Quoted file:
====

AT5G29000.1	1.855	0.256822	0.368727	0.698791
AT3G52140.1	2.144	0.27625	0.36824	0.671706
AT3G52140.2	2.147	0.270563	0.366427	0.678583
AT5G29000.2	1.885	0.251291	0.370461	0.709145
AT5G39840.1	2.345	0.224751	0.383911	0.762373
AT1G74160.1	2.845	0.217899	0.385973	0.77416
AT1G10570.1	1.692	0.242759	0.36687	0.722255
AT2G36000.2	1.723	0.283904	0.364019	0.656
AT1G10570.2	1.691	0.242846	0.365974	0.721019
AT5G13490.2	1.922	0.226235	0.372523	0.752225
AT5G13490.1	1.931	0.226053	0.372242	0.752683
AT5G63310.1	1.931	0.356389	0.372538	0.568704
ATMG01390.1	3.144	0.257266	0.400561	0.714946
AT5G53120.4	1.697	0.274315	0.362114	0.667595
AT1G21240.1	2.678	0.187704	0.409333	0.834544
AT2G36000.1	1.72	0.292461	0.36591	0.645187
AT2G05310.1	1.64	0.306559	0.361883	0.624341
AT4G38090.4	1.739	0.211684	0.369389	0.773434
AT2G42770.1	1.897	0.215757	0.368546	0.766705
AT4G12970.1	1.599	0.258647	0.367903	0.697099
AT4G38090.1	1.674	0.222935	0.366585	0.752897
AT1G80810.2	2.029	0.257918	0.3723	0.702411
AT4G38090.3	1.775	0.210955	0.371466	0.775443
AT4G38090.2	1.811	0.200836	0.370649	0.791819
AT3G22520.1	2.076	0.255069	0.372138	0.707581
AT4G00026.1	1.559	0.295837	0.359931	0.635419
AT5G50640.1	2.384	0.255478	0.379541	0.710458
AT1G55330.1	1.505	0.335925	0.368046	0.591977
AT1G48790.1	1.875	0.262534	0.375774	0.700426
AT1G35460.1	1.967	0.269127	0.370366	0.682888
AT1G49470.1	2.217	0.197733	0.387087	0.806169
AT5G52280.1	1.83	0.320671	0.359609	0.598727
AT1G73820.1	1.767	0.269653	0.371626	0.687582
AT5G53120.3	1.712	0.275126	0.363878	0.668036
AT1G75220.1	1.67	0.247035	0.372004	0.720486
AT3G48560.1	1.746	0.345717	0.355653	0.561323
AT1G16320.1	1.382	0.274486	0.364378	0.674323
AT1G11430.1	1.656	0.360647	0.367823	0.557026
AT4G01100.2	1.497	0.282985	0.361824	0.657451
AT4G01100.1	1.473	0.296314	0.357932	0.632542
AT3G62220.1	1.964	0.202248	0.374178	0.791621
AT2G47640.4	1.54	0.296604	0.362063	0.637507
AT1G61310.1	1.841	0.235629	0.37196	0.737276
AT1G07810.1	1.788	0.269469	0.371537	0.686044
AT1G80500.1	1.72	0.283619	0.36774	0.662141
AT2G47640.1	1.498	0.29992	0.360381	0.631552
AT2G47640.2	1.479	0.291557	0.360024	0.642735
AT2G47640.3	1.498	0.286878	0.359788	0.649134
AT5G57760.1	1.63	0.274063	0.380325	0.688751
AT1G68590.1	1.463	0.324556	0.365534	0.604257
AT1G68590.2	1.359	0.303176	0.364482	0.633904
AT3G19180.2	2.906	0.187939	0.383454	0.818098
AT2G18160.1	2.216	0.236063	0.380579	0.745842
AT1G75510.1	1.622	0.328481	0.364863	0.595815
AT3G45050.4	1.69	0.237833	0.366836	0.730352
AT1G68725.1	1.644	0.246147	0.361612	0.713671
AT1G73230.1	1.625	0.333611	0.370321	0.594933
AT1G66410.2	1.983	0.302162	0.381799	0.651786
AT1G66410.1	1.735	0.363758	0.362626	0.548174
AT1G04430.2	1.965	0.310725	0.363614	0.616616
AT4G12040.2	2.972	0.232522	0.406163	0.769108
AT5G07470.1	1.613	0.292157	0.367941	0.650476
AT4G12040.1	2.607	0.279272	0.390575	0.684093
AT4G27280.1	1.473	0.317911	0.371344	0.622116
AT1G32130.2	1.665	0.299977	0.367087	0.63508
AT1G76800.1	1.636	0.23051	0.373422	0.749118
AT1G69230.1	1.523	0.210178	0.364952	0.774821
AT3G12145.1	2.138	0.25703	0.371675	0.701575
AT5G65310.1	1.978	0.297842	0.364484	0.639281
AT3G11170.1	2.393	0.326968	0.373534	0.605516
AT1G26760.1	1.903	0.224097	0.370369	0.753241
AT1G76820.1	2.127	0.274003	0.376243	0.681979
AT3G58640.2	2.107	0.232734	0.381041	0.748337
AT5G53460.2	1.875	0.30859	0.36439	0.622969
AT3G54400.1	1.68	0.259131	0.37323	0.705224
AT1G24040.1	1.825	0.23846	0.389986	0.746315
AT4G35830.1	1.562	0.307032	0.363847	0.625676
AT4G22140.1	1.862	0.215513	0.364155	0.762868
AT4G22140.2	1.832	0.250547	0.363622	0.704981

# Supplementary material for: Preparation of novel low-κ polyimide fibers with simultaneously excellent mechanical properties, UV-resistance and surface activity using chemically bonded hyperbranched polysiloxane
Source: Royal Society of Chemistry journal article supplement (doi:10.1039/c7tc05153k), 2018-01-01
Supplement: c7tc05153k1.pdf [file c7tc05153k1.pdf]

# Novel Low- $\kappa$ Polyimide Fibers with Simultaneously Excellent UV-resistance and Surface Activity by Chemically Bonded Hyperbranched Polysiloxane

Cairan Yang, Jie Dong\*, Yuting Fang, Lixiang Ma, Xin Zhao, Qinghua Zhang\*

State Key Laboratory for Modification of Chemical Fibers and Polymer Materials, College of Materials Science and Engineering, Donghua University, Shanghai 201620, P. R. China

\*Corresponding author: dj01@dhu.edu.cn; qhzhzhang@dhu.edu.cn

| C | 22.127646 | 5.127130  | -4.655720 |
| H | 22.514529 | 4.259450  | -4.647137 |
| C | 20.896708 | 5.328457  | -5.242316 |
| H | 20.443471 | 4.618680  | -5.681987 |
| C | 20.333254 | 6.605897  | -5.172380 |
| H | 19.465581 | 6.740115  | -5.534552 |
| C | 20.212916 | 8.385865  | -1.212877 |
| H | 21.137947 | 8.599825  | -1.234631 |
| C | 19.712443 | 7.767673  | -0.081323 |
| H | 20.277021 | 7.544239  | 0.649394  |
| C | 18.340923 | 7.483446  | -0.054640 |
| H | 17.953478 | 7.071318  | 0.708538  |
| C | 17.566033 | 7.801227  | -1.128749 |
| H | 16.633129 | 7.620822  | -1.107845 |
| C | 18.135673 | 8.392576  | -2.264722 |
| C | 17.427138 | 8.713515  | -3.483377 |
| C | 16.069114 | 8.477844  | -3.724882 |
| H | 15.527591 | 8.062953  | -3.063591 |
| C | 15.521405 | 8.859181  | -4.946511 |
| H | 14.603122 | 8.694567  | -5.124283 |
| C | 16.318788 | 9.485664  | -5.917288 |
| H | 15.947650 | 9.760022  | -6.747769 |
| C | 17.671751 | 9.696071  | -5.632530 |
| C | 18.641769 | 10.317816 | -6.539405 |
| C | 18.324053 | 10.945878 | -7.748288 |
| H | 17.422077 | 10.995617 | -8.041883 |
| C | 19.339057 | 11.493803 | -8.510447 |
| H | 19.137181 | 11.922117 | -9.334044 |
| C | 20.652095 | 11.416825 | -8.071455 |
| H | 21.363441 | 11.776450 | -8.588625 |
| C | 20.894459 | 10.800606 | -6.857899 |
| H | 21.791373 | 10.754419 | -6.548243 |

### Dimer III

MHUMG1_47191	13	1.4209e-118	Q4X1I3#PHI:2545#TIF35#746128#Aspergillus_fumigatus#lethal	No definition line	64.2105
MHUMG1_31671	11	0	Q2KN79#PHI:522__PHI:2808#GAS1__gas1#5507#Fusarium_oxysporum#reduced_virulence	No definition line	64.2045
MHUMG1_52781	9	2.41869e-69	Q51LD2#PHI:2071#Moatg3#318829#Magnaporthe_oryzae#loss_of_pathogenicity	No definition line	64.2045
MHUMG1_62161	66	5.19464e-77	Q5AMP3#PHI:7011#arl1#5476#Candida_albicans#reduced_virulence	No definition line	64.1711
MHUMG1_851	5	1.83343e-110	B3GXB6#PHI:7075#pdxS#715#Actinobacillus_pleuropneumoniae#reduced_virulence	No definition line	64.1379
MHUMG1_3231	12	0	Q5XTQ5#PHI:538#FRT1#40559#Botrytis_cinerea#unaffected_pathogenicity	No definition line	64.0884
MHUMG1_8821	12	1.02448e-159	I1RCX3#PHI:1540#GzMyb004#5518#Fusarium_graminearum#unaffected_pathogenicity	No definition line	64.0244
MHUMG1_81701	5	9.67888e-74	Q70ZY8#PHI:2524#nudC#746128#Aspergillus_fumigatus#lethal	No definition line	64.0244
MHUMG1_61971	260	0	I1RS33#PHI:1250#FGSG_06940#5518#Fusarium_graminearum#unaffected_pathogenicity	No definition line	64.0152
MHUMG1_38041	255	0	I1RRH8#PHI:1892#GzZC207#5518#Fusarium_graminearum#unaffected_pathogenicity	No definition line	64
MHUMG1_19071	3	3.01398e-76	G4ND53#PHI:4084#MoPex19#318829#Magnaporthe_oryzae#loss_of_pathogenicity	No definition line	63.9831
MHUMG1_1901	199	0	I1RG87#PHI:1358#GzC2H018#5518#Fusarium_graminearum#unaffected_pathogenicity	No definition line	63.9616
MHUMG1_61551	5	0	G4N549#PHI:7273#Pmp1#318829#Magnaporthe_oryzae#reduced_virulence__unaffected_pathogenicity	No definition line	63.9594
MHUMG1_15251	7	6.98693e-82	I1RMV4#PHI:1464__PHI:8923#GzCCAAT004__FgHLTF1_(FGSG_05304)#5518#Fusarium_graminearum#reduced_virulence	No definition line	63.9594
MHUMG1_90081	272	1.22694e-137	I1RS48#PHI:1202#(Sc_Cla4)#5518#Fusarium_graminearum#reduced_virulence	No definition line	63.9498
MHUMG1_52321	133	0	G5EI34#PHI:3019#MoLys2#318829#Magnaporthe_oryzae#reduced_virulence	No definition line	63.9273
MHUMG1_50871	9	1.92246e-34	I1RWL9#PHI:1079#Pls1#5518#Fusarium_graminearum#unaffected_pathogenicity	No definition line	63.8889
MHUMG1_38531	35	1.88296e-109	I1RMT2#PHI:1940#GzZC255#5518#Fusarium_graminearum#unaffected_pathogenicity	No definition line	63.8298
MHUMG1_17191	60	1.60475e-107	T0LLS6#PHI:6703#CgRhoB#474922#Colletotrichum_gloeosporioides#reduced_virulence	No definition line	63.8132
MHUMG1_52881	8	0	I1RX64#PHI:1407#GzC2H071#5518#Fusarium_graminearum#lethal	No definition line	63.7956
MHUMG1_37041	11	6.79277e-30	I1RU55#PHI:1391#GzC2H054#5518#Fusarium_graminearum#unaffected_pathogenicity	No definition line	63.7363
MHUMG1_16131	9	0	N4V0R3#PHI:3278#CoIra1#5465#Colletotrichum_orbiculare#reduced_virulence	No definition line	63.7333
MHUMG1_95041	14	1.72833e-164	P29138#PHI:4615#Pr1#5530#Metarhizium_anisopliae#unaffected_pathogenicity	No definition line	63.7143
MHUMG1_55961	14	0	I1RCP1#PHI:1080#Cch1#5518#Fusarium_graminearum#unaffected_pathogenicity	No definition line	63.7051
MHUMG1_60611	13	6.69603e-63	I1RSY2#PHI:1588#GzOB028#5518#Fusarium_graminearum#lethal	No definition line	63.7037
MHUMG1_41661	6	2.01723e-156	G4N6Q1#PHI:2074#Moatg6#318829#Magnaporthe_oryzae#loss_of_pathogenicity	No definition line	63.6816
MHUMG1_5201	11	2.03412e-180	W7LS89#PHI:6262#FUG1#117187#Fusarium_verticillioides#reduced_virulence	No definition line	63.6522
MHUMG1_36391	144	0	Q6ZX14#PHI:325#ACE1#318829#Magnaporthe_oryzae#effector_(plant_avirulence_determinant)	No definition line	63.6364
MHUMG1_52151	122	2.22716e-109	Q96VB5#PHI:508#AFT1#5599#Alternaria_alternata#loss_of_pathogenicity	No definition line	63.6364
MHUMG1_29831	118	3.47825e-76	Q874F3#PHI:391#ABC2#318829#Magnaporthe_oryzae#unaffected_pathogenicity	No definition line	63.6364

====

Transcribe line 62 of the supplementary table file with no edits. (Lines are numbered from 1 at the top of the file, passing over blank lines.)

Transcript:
AT5G07470.1	1.613	0.292157	0.367941	0.650476